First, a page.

The pelvic floor experiences a hell of a whole lot when you go through pregnancy. The uterine wall and opening are going through somewhat of a traumatic experience. Sometimes, we can start to experience leakage. Thankfully, there is a way to help those of us who may be experiencing this issue firsthand. To get more insight into how to stop the incontinence of your pelvic floor muscles, we spoke to one of our favorite experts, Brooke Cates. Brooke is a prenatal and postnatal exercise specialist, core rehabilitation specialist, and prenatal and postnatal holistic health coach. Keep reading for more.
Why Does the Pelvic Floor Experience Incontinence?
When experiencing incontinence of any type, the first step is to always gain a better understanding. Start with the baseline tendencies of your pelvic floor musculature. Assuming you can “Kegel” away incontinence is never a good idea. The pelvic floor musculature is as complex as the reasoning behind your leaking or peeing. Because believe it or not your peeing during jumping, laughing, coughing, sneezing, and other simple actions can be caused by both a hyper-tonic (over toned) or hypo-tonic (under toned) pelvic floor. Knowing which group you fall into is vital for the success of healing any pelvic floor injuries.
To best understand where your pelvic floor is always start with at least one assessment with a pelvic floor physical therapist. I’m such a believer in this crucial step that we have in-house pf pt’s that offer a complimentary 15 min phone consult with every single one of our subscribers. Once your pelvic floor has been assessed and you have a better understanding of which camp your musculature falls into, now it’s time for the magic to unfold.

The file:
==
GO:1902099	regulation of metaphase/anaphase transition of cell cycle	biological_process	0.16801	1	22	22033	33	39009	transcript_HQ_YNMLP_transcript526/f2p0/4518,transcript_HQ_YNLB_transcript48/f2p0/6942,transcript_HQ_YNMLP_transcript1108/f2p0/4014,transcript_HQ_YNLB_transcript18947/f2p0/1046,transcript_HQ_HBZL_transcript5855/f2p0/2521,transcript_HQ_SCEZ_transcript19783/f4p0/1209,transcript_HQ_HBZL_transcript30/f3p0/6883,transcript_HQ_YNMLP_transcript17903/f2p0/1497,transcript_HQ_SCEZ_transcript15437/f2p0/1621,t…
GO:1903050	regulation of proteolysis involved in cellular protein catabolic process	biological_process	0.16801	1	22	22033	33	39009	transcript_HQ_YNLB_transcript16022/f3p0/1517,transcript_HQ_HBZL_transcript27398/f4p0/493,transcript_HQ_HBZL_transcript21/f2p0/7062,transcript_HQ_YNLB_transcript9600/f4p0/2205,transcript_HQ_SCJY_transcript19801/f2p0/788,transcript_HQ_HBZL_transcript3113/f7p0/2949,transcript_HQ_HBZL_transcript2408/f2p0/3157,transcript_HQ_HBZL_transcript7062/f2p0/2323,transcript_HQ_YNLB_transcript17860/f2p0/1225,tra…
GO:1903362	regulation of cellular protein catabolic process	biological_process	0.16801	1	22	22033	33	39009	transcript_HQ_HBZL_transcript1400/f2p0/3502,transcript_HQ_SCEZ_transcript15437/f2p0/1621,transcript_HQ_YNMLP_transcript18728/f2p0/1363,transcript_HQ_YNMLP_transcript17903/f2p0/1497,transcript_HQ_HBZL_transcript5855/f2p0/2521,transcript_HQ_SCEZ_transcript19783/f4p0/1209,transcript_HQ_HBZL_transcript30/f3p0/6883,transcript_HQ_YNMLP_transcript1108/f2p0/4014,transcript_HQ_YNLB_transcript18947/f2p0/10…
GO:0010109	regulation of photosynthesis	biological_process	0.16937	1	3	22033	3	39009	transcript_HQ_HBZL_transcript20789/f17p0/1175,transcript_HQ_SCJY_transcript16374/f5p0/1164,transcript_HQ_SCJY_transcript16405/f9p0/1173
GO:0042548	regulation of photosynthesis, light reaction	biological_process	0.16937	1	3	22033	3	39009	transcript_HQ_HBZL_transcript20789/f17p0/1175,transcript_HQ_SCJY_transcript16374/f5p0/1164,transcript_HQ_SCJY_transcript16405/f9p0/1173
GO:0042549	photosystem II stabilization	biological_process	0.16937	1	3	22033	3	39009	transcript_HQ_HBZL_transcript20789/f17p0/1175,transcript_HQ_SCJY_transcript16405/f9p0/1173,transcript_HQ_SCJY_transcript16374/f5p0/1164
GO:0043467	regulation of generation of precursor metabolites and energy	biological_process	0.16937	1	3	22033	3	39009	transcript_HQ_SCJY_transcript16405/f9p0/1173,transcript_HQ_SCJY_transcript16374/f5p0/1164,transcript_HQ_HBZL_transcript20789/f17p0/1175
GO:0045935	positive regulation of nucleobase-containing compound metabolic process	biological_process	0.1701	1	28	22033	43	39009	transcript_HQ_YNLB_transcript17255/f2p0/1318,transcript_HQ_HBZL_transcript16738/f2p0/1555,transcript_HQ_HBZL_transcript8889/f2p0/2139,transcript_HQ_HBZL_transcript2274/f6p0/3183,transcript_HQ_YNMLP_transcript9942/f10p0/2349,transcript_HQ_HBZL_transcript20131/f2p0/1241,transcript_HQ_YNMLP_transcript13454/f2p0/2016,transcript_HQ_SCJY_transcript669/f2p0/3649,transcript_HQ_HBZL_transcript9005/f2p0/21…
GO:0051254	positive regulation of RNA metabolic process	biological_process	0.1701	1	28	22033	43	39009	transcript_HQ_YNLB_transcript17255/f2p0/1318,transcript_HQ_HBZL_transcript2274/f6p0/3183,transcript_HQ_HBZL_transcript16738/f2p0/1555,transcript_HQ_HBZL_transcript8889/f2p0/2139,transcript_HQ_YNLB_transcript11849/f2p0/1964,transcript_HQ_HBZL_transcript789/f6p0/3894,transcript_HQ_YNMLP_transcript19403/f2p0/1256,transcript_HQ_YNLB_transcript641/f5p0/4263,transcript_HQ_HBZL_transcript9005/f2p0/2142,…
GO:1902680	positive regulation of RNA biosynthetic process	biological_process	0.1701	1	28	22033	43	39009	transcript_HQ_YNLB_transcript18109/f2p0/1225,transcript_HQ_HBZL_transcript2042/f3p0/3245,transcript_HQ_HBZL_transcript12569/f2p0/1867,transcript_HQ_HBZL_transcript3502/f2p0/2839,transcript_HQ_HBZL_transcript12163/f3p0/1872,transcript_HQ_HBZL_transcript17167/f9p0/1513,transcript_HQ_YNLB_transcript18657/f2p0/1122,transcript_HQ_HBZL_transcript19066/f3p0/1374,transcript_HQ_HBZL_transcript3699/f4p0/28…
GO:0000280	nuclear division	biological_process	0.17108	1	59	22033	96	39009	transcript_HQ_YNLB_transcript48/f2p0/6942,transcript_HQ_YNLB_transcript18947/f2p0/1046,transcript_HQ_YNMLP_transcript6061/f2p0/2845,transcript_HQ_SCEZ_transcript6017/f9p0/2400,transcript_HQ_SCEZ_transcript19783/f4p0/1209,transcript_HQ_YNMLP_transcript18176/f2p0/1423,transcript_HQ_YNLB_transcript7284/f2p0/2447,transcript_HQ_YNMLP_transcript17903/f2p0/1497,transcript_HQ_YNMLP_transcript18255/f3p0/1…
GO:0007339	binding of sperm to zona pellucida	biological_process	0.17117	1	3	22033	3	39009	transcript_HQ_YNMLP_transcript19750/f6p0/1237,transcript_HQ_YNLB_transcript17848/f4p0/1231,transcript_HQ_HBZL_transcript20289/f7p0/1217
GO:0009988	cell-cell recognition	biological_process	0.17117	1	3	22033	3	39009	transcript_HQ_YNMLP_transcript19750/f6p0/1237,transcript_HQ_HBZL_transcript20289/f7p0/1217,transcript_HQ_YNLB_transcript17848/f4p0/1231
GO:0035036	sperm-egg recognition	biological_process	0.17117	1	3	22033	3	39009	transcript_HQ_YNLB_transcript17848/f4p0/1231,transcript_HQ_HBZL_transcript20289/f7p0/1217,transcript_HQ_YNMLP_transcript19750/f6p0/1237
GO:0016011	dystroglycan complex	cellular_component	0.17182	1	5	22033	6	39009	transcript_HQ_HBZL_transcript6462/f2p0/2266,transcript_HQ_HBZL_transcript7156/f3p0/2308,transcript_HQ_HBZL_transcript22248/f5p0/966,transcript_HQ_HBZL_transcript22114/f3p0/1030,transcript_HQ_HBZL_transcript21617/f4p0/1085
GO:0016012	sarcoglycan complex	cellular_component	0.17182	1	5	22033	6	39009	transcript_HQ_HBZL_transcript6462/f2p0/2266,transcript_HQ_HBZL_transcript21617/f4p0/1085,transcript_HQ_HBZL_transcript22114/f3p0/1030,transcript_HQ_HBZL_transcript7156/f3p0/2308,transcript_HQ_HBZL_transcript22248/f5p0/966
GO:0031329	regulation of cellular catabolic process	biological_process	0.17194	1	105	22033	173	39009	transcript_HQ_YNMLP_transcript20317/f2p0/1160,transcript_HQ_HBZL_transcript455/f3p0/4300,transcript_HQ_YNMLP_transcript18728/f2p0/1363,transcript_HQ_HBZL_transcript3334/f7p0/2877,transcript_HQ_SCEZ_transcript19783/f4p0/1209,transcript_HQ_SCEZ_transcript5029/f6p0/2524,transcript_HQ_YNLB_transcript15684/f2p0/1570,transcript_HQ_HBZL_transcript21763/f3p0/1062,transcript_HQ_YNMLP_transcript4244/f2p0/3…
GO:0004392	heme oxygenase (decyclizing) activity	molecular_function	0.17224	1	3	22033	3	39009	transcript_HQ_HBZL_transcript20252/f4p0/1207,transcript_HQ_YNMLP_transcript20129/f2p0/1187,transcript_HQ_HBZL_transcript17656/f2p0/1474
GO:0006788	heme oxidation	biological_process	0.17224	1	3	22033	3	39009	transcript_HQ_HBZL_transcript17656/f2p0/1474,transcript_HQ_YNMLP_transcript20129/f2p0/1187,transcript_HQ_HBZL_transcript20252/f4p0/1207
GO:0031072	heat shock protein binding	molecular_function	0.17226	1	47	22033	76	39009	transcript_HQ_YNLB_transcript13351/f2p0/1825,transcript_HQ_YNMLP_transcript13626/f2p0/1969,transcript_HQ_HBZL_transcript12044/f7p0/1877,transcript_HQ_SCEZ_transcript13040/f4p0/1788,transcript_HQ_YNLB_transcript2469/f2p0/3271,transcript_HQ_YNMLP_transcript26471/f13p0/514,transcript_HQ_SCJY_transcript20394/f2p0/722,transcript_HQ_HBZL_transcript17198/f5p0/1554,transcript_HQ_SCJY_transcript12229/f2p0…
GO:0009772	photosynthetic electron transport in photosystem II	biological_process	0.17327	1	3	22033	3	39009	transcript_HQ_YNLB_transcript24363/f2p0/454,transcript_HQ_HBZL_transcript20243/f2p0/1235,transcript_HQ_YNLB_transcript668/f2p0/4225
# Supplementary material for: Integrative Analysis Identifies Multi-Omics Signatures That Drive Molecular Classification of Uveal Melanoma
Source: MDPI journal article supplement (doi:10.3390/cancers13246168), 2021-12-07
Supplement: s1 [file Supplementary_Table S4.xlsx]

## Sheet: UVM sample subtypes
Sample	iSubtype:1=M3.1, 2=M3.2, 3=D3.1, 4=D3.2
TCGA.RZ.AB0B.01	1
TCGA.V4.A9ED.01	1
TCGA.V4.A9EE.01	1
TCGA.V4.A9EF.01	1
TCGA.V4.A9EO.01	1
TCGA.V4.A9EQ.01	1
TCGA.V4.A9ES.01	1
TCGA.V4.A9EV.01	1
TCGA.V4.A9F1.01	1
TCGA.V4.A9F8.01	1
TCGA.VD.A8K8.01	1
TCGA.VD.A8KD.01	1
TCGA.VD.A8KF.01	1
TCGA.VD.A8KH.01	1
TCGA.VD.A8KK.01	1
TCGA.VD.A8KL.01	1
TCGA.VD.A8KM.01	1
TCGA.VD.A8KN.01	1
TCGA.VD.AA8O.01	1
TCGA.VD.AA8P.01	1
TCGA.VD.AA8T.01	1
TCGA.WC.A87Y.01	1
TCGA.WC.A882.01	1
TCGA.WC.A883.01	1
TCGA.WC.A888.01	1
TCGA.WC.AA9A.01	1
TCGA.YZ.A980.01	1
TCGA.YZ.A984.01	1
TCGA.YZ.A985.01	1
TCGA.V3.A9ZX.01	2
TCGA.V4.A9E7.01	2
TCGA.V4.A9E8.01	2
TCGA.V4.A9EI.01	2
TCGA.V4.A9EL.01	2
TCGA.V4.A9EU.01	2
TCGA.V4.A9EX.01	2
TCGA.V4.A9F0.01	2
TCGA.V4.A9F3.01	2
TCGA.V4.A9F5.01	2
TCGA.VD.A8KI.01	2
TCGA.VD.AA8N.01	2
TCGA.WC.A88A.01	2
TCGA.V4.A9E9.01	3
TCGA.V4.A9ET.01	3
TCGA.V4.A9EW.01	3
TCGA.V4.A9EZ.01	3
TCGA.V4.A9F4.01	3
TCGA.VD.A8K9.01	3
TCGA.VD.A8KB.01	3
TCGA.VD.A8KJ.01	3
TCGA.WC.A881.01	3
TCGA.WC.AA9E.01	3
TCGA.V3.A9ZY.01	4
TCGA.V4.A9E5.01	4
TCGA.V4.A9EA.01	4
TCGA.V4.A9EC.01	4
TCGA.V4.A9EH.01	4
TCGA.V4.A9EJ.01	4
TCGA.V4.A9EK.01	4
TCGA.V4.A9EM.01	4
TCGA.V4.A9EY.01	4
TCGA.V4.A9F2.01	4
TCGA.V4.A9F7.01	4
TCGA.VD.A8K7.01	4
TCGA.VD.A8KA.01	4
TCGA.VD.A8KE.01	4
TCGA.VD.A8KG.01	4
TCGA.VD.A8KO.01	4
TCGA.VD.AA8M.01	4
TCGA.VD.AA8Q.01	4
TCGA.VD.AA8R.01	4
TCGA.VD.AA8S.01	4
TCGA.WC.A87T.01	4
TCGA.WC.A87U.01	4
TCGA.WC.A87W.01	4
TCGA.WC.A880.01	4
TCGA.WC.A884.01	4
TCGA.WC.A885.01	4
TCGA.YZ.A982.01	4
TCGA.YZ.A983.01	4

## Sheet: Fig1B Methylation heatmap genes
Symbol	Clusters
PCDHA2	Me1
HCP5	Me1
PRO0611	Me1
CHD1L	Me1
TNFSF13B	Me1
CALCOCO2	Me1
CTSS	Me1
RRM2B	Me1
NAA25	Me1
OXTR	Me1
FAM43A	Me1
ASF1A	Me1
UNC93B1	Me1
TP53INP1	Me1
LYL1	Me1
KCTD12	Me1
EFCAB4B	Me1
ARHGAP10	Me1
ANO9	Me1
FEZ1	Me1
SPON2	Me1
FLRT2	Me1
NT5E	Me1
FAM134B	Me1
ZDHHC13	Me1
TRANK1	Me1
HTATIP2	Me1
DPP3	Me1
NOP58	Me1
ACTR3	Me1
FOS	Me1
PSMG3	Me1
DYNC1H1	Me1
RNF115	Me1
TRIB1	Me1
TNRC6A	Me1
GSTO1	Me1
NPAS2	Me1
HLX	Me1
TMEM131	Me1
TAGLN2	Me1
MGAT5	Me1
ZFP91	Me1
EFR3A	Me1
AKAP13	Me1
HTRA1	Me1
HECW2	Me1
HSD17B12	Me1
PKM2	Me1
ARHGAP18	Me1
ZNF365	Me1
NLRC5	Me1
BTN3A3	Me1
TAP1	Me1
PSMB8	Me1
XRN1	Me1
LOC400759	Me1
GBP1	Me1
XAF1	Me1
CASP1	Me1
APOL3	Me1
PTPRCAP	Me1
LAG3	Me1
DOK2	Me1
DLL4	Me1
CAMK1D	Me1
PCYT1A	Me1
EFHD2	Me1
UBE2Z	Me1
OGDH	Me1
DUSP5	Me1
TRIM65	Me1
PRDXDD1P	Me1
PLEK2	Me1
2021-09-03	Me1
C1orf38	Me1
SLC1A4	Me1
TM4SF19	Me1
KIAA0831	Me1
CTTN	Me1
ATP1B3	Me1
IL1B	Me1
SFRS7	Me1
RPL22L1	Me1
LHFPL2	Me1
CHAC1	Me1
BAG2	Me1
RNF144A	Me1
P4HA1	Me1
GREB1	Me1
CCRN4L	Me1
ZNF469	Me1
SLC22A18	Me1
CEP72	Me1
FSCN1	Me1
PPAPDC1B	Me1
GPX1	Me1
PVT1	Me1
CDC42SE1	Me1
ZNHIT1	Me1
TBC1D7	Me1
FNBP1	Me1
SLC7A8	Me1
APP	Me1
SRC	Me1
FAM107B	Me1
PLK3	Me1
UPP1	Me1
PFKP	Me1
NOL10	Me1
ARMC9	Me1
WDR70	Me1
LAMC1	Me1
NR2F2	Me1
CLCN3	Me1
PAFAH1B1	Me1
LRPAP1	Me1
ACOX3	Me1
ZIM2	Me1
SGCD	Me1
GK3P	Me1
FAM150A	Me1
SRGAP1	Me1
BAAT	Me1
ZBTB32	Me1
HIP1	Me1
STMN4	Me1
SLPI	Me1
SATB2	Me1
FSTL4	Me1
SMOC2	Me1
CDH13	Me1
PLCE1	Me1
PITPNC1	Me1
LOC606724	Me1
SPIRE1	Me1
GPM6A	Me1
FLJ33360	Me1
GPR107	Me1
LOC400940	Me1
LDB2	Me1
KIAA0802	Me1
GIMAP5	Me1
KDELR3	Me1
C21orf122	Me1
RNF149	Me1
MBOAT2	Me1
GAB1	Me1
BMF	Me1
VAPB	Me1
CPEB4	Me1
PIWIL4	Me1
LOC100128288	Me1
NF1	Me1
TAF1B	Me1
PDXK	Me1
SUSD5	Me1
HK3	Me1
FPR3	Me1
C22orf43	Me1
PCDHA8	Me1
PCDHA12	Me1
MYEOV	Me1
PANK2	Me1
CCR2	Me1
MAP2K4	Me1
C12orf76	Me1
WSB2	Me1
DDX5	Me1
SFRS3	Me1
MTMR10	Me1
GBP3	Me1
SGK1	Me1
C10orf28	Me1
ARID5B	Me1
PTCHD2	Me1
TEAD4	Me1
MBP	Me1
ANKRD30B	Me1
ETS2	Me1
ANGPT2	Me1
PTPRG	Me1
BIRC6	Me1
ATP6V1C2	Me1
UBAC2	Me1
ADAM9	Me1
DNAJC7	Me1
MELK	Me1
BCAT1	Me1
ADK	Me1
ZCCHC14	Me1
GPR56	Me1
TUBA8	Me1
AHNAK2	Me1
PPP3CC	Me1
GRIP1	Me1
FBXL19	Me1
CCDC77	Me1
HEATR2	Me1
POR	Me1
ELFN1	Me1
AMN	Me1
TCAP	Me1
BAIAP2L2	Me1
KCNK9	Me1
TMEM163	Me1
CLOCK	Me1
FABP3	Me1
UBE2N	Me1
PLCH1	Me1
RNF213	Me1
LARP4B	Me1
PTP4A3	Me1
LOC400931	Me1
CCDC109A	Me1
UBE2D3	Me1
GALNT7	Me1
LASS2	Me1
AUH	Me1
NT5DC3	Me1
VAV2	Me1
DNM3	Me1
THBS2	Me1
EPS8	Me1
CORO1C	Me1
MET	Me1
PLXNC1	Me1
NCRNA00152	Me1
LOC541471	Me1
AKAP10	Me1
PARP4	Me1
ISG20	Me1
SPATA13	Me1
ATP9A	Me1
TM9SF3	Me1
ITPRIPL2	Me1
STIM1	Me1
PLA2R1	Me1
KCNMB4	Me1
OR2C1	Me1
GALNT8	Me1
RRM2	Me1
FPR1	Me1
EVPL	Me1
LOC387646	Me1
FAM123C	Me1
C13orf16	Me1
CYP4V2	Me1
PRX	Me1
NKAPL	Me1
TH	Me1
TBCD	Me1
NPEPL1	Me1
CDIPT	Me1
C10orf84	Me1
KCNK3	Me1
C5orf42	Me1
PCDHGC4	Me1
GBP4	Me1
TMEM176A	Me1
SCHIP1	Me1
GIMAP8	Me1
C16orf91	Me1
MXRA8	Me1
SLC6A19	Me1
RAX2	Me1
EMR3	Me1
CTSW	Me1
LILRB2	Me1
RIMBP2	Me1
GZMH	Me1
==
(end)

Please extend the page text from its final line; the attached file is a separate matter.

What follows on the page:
What to Do About Pelvic Floor Incontinence
Healing and addressing pelvic floor dysfunction is as dynamic as the muscles themselves. Ideally, we want to achieve a level of balance or harmony between the muscles vs them having the tendency to over contract or carry too much weakness. When we talk about “balance” at The Bloom Method we find it equally important to educate our moms on how optimizing the pelvic floor means teaching it to contract + relax when necessary. You see, everything we do causes these muscles to react in an automatic response to the action or movement we’re doing. For example: standing up from a seated position should include a tiny contraction of the pelvic floor muscles (rarely felt) just like placing your body in a child’s pose or in the lowering phase of a squat should cause the muscles to relax and lengthen.
When there is a disconnect with the natural rhythms of how these muscles respond, dysfunction is often present and leaking can be present. To reverse any level of peeing or leaking, we must re-create or re-pattern the natural symbiosis of these muscles and how they respond to all of our movements.
We start small and focus on re-patterning through conscious movements. This starts with gently engaging the pelvic floor and deep core. Like when you pick up your toddler or transfer them to their car seat/crib. You begin to shift the way you use the bathroom and never bare down or force yourself to pee and of course in all of these exists the isometric practice of training the pelvic floor to relax (or lengthen) and contract on demand as well as holding a contraction for several seconds to build your endurance component. The pelvic floor must know how to release and contract.